Specifically, this project is to develop algorithms and design practical software tools that extend the usual persistent homology methodology for exploratory data analysis to the 2-D setting. The proposed tools provide an interactive visualization of the barcodes of the restriction of a 2-D persistence module to affine 1-D lines. At the heart of the computational approach is a novel data structure, based on planar line arrangements, on which one can perform fast queries for these barcodes. The tools also provide a visualization of the multi-graded Betti numbers of a 2-D persistence module. It is proposed to apply the tools to the study of scientific data - especially data arising from biological systems - in much the same way that ordinary persistent homology has been applied to the study of data over the last ten to fifteen years. This project will intend to establish statistical foundations for the corresponding methodology.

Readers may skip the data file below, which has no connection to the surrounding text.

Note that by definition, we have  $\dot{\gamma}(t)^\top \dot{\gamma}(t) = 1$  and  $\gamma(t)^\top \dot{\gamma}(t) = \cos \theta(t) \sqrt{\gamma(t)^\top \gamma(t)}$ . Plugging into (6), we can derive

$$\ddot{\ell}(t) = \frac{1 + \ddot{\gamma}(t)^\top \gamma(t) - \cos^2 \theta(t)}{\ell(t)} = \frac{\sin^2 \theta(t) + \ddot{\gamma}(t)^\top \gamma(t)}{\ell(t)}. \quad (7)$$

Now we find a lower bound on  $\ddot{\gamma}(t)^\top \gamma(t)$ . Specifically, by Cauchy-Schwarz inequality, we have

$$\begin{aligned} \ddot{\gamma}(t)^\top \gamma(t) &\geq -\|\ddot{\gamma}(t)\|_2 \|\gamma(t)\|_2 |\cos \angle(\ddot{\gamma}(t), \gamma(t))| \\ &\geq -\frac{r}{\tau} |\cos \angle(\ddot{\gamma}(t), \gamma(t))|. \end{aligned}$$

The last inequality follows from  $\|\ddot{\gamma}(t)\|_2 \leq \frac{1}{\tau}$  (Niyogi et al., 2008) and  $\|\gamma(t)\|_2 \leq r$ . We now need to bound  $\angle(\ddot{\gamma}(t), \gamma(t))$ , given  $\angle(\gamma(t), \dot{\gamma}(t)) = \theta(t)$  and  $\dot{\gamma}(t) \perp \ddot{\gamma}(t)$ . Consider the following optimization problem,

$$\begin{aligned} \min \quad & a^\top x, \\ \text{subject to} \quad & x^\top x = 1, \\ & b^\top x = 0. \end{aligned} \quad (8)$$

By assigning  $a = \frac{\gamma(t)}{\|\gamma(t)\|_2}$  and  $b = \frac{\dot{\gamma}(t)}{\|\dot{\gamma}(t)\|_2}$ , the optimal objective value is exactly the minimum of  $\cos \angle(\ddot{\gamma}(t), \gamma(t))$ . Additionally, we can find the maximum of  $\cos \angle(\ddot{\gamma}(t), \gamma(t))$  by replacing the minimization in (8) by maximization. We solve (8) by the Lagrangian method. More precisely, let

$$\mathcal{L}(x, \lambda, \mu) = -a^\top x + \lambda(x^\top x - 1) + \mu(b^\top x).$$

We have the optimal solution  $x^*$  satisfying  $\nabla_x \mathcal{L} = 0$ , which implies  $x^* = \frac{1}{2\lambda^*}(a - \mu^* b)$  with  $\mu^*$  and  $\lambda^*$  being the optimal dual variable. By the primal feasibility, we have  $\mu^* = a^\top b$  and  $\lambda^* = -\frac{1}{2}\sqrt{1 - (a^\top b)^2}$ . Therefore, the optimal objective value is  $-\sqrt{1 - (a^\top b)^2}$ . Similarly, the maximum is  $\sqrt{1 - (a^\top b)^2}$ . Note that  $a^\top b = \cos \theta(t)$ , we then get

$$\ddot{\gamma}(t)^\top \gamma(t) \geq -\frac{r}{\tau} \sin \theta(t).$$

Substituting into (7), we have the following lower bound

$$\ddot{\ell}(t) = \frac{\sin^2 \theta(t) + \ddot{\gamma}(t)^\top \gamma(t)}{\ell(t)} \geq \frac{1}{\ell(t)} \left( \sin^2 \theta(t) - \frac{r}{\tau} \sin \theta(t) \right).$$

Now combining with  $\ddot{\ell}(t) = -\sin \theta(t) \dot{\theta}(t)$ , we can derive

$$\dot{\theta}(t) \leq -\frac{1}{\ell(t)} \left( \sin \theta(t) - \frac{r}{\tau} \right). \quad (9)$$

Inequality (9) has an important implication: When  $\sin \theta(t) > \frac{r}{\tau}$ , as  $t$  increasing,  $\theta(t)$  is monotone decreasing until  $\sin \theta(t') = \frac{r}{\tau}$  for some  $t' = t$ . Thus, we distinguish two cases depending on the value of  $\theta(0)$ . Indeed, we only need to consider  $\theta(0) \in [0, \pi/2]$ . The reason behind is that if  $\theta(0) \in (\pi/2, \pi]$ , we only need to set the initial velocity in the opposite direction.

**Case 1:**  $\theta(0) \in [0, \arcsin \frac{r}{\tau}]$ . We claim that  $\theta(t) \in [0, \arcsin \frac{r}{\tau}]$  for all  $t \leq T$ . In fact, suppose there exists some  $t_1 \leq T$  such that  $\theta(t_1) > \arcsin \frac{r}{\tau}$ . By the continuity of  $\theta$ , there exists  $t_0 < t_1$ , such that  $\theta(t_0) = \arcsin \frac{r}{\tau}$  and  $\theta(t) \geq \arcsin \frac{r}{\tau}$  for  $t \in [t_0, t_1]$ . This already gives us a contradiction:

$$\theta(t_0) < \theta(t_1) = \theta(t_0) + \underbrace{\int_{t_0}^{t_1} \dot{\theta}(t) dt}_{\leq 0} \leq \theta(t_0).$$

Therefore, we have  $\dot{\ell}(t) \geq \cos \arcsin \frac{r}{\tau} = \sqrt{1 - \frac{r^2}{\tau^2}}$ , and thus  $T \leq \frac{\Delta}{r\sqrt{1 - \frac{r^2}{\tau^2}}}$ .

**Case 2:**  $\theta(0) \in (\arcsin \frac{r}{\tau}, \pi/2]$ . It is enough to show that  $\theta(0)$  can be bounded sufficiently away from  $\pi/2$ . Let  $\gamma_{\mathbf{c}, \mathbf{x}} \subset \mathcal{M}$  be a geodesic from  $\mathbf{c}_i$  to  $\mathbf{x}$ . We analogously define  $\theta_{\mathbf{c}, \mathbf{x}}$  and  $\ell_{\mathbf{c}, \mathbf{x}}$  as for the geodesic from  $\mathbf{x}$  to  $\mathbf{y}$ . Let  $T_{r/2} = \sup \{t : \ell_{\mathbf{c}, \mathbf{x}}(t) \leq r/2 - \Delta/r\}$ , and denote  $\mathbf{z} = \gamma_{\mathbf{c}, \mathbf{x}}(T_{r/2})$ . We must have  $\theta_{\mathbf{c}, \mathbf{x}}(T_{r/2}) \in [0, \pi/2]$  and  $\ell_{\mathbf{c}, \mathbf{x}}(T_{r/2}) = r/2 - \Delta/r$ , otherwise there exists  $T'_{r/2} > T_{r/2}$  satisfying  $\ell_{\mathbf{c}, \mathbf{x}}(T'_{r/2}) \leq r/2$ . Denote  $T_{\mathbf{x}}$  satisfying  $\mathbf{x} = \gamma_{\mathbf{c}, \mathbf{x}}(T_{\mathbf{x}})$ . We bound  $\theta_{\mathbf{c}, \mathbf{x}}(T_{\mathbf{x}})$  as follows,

Agency: NSF | Branch: Standard Grant | Program: | Phase: S-STEM:SCHLR SCI TECH ENG&MATH | Award Amount: 231.71K | Year: 2012
The shift to parallel computing, including multi-core processors, cloud computing, and heterogeneous systems, has induced a workforce development crisis for computer science (CS) education. This project addresses how crowded CS curricula, traditionally structured around sequential (non-parallel) computing, can be changed to effectively incorporate the rapidly-evolving body of parallelism knowledge.
Saint Olaf College, Calvin College and Macalester College are demonstrating how colleges and universities can insert short (one- to three-day) teaching modules on parallel computing into their courses through self-contained units that present conceptual principles and reinforce them by hands-on experience and follow-up exercises. New modules that incorporate emerging curricular recommendations, relevant applications to other fields, and parallel design patterns are under development. Parallelism is infused incrementally throughout the CS curriculum. Having developed this modular strategy in a predecessor CCLI Type I grant, this project demonstrates the scalability of this approach to other universities and colleges by targeting two geographical regions with workshops and follow-up adopter support.